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Ibis the Invincible


Ibis the Invincible is an Egyptian prince, Amentep, who used his magical Ibistick (looks like a bottle opener) to sleep away the centuries until his beloved Taia was revived from death.  He emerges from his mummy case, retrieves the Ibistick and uses it to awaken Taia.  In both tellings of his origin, Whiz Comics 2, and the later, more detailed version in Ibis the Invincible 1, he is to sleep until she is revived, but he wakes first and revives her.  This irritates me, especially when the contradiction occurs on the same page!

But aside from that, this is not a bad series.  It does take a while to find its bearings.  Many of the stories in the first two years use cliffhanger endings, which get a bit tiresome.  The Ibistick has the power to literally do anything, it acts on the person’s wishes, spoken or simply thought, so most cliffhangers are fairly easily resolved.

The difficulty in figuring out what can possibly challenge Ibis likely lead to the repetitive nature of his early stories.  Ibis tends to lose/drop/loan the Ibistick, and the person who winds up in possession makes all manner of wishes, but when confronted by Ibis tries to use the Ibistick against him.  The Ibistick then causes whatever the person intended for Ibis, to happen to the wisher instead.

Of the early Ibis stories, the best by far occurs in Whiz Comics 6.  A fisherman finds the Ibistick, which was lost at the end of the previous chapter.  It provides him with a huge haul of fish.  The fisherman, not realizing the powers of the wand, gives it to his son, who wishes he had a bicycle instead.  The bike materializes, and he rides off, leaving the Ibistick behind.  A dog grabs the stick, wishing for a steak, which he then gets.  A hobo tries to get the steak, but gets the wand instead, and winds up riding his own private train car.  Ibis finally catches up with the wand, the hobo tries to use it against him, and loses everything.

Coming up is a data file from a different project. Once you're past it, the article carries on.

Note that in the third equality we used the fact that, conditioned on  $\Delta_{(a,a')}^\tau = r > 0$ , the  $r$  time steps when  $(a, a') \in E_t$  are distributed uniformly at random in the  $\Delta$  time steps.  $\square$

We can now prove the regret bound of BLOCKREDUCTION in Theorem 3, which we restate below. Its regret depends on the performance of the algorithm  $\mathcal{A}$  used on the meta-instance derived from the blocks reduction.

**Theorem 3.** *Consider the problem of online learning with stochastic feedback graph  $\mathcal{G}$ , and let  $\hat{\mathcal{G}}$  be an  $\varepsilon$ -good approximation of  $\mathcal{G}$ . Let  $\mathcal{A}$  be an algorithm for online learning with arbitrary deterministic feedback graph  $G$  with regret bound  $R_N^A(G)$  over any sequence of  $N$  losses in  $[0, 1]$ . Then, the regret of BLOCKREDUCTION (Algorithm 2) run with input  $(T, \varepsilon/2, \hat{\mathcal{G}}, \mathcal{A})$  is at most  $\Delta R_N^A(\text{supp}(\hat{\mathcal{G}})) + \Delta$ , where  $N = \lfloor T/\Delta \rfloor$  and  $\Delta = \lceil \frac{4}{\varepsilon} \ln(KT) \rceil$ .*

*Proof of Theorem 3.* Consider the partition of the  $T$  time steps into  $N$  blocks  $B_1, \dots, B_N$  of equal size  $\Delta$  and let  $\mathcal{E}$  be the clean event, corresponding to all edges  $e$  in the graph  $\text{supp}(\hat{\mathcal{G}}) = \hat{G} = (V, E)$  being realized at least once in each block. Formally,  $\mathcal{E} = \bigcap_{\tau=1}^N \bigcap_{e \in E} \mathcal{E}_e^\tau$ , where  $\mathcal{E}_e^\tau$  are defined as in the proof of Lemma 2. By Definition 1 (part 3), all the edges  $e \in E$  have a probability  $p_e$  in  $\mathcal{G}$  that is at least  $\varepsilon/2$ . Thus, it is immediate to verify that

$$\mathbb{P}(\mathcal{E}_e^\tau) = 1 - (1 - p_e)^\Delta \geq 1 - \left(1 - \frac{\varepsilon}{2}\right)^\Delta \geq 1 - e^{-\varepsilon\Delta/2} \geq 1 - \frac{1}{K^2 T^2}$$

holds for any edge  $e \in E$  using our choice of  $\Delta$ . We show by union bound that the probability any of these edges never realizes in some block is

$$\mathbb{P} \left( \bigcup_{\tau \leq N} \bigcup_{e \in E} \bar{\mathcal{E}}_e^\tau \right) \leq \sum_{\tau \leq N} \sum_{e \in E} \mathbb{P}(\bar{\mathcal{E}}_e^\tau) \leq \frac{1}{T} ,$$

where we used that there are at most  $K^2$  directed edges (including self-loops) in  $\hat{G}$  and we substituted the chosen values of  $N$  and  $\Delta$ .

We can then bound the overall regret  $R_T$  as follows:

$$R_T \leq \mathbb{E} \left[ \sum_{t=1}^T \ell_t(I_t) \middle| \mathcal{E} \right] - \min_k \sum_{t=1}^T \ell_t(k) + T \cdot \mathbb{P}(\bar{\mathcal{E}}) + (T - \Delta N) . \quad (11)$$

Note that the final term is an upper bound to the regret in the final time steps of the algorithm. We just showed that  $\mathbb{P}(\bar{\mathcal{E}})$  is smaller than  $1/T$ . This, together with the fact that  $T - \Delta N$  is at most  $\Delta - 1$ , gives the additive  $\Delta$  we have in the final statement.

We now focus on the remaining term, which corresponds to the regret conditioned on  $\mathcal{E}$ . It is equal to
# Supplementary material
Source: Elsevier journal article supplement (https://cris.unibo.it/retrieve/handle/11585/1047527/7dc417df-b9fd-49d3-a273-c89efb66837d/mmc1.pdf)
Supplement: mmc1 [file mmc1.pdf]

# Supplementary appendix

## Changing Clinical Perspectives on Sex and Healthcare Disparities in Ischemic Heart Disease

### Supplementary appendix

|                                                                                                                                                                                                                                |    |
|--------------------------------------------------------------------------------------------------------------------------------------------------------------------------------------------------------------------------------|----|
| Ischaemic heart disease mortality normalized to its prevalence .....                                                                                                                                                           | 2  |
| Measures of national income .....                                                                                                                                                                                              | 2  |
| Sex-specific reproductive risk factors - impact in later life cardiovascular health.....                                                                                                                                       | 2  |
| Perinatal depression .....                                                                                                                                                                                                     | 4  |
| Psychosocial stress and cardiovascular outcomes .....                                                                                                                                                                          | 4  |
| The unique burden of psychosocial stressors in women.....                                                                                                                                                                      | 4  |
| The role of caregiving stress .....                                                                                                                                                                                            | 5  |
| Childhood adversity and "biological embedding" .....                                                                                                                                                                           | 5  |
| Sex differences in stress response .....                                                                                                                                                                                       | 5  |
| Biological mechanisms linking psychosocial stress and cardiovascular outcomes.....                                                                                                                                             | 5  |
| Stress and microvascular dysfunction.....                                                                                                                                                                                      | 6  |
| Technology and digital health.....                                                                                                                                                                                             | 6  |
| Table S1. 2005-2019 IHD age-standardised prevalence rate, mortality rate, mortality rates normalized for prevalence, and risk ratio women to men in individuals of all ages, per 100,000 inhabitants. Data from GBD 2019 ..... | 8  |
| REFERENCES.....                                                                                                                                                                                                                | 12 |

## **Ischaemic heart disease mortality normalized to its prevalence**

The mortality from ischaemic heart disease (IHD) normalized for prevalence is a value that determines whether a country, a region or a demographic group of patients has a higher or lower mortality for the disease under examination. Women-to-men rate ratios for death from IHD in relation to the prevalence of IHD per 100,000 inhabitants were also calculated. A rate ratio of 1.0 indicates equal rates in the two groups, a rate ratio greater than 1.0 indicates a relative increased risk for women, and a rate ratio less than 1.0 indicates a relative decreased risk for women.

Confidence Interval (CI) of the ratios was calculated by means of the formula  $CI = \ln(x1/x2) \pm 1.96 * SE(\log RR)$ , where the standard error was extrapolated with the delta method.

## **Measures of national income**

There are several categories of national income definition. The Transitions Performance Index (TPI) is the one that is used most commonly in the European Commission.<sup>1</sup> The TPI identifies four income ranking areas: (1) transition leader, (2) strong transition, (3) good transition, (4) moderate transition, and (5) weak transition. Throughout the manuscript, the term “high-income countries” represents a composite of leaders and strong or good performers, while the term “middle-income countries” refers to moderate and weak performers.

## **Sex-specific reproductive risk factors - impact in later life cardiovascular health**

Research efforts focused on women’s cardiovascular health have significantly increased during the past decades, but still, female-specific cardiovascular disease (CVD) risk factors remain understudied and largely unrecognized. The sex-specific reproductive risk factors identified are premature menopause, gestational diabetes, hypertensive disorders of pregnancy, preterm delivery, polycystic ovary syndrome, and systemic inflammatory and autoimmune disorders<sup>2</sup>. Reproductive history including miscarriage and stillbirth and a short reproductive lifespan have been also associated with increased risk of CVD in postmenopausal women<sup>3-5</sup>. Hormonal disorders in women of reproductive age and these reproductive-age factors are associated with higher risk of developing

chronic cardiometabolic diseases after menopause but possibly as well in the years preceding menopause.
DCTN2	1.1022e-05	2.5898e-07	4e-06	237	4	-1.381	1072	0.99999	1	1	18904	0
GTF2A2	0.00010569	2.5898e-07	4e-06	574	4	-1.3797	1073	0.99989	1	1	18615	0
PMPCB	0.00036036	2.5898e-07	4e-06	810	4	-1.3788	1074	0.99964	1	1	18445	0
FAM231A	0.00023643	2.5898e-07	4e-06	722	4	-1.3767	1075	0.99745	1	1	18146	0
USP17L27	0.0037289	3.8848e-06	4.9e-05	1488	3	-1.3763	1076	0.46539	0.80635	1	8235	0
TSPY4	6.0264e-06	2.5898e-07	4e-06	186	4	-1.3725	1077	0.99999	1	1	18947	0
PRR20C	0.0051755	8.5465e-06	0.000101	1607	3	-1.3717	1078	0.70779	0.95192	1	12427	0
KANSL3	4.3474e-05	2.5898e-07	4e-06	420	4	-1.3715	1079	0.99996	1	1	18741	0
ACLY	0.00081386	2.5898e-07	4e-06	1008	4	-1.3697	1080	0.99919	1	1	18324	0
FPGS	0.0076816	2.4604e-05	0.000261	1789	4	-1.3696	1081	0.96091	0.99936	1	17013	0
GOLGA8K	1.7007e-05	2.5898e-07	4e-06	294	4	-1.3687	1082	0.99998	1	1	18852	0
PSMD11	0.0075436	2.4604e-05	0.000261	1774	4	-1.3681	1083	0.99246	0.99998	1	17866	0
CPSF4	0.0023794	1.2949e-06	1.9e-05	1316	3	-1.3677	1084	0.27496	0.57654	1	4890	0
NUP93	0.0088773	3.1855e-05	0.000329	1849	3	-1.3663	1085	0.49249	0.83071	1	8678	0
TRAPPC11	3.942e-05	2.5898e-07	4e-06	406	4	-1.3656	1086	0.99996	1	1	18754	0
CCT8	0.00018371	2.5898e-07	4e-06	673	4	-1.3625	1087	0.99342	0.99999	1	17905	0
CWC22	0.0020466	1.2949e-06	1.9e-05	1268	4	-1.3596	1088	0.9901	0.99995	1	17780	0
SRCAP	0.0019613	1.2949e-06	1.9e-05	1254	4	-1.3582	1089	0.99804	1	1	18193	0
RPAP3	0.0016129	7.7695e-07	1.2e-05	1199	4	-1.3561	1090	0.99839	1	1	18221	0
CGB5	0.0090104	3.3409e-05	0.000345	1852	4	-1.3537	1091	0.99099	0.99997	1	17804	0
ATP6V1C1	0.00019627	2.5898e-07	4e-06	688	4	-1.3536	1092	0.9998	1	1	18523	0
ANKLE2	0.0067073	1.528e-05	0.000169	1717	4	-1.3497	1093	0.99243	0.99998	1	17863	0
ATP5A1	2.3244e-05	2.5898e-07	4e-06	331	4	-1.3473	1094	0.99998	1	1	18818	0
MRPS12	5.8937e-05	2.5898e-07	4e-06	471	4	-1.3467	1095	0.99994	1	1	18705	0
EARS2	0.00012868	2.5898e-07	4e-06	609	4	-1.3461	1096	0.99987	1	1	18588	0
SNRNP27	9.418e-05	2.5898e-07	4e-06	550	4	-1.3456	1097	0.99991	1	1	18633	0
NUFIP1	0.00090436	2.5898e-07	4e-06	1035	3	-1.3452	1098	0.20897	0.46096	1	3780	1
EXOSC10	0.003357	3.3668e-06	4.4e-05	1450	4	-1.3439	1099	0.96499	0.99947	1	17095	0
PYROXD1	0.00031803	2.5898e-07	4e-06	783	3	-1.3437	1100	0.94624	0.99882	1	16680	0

Taia stays at Ibis’s side throughout his adventures.  Sure she gets captured occasionally, but at least he doesn’t keep dropping or losing her. She has no powers, though she uses the Ibistick occasionally, but she is ready with her dagger when the need arises.  Ibis also has a crystal ball that he can use to find Taia, or the Ibistick, but he rarely uses it.

Ibis wears a modern day suit, and a turban.  There are a huge amount of artists who work on this series, so the basic simplicity of the costume was a plus.  Even still, some artists gave him a cape as well.

In Whiz Comics 7, as Ibis and Taia drive across the country to California, they meet a young orphan boy at a carnival, working for a drunk who does a William Tell act, shooting an apple off the boys head.  They more or less adopt him, and he travels with them as they deal with nebulous asian villain Piang in issues 9 and 10.  At the end of the story in issue 19, they enroll Tommy in a military academy.